Tuesday, March 25, 2008

Ask Linda #50-Unintended ball cleaning

Hi Linda,

I was playing a better ball match play match and the following happened:
Both of my opponents’ balls were off the green. I noticed one ball on the fringe and the other further away.
My partner and I went up to the green to mark our balls and after doing so we noticed that our opponent’s ball closest to the green but still in the fringe had disappeared.
So I asked her “Where is your ball?” She answered “Well, it is here in my pocket because I marked my ball on request of my partner.”

I called her on the fact that she cleaned her ball by putting it in her pocket. There was no question about the fact that she cleaned her ball. Spectators noticed that.
The ruling was that she had a one stroke penalty.

She was mad at me calling her on this but I told her that she has to announce that she is going to pick up the ball and is not allowed to clean it. If she had told me I would have answered that yes, she could lift her ball, but she should be aware that you do not clean your ball.

What is your opinion on this?
Can she pick up the ball without notifying me?
The pro agreed with me, ruling that she put the ball in her pocket and by doing so cleaned it.

Happy Easter,

Dear Lulu,
The rule that allows a player to have another ball lifted that is interfering with her play (Rule 22-2) is a little different from the rules regarding lifting a ball to determine if it is unfit for play (Rule 5-3) or lifting a ball to identify it (Rule 12-2). Under those two rules, you have to announce your intention to lift the ball, and your opponent (match play) or your fellow competitor (stroke play) must be allowed to observe the entire process. This is to allow the other player to agree (or disagree) that your ball is unfit or that the ball you need to identify is yours.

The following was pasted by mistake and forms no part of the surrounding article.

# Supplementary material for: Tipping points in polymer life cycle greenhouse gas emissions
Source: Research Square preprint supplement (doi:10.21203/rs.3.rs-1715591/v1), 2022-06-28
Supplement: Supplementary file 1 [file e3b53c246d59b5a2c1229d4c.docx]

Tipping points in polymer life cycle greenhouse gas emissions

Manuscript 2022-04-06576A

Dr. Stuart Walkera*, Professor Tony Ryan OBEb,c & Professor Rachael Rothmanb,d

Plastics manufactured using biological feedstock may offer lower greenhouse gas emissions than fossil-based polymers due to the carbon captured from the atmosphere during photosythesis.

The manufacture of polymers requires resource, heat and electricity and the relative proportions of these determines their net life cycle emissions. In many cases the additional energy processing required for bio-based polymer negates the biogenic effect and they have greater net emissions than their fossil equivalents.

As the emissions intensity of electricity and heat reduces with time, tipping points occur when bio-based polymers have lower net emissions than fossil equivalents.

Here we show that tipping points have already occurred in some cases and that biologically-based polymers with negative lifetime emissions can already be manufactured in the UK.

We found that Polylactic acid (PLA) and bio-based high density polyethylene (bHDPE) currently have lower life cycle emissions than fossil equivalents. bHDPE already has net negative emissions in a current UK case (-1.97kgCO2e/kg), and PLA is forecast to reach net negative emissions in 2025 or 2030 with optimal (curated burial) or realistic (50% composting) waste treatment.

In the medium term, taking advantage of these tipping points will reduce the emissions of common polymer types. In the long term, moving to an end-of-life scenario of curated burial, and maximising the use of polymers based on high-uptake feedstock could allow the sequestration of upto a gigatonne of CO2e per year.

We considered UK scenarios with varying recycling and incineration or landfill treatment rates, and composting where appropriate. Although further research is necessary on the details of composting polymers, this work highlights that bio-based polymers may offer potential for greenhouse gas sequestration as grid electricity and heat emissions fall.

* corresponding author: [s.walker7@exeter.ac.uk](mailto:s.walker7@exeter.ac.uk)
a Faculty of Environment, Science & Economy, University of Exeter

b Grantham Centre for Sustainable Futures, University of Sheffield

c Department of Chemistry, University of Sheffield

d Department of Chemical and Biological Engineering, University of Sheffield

Rule 22-2, which allows another player to ask you to lift your ball if it is interfering with her play, does not have the same requirement regarding observation. This is primarily because the ball clearly belongs to that player, and she is not asking for corroboration that the ball is unfit for play. She is simply being asked to lift her ball that is in someone else’s way.

That being said, it never hurts to notify your opponent that you have been asked to lift a ball. In the situation you describe, the player would have saved herself a penalty stroke had she informed you, since you would have reminded her that a ball that is lifted because it is interfering with play may not be cleaned, and that she should therefore be very careful how she handles that ball. You may have noticed while watching golf on television that when a player lifts a ball that is not permitted to be cleaned, she lifts and holds it carefully between two fingers, so that there will be no question as to whether the ball was cleaned.

The player in your story learned her lesson the hard way, but it was poor manners for her to become angry with you for correctly penalizing her infraction. She should have been annoyed at herself, as her ignorance of the rule cost her a stroke. Indeed, she should thank you for pointing out her infraction; if this had been a stroke play event, and she didn’t count that penalty stroke in her score for the hole, she would be signing a score card whose total would be one stroke too low, which would result in her disqualification!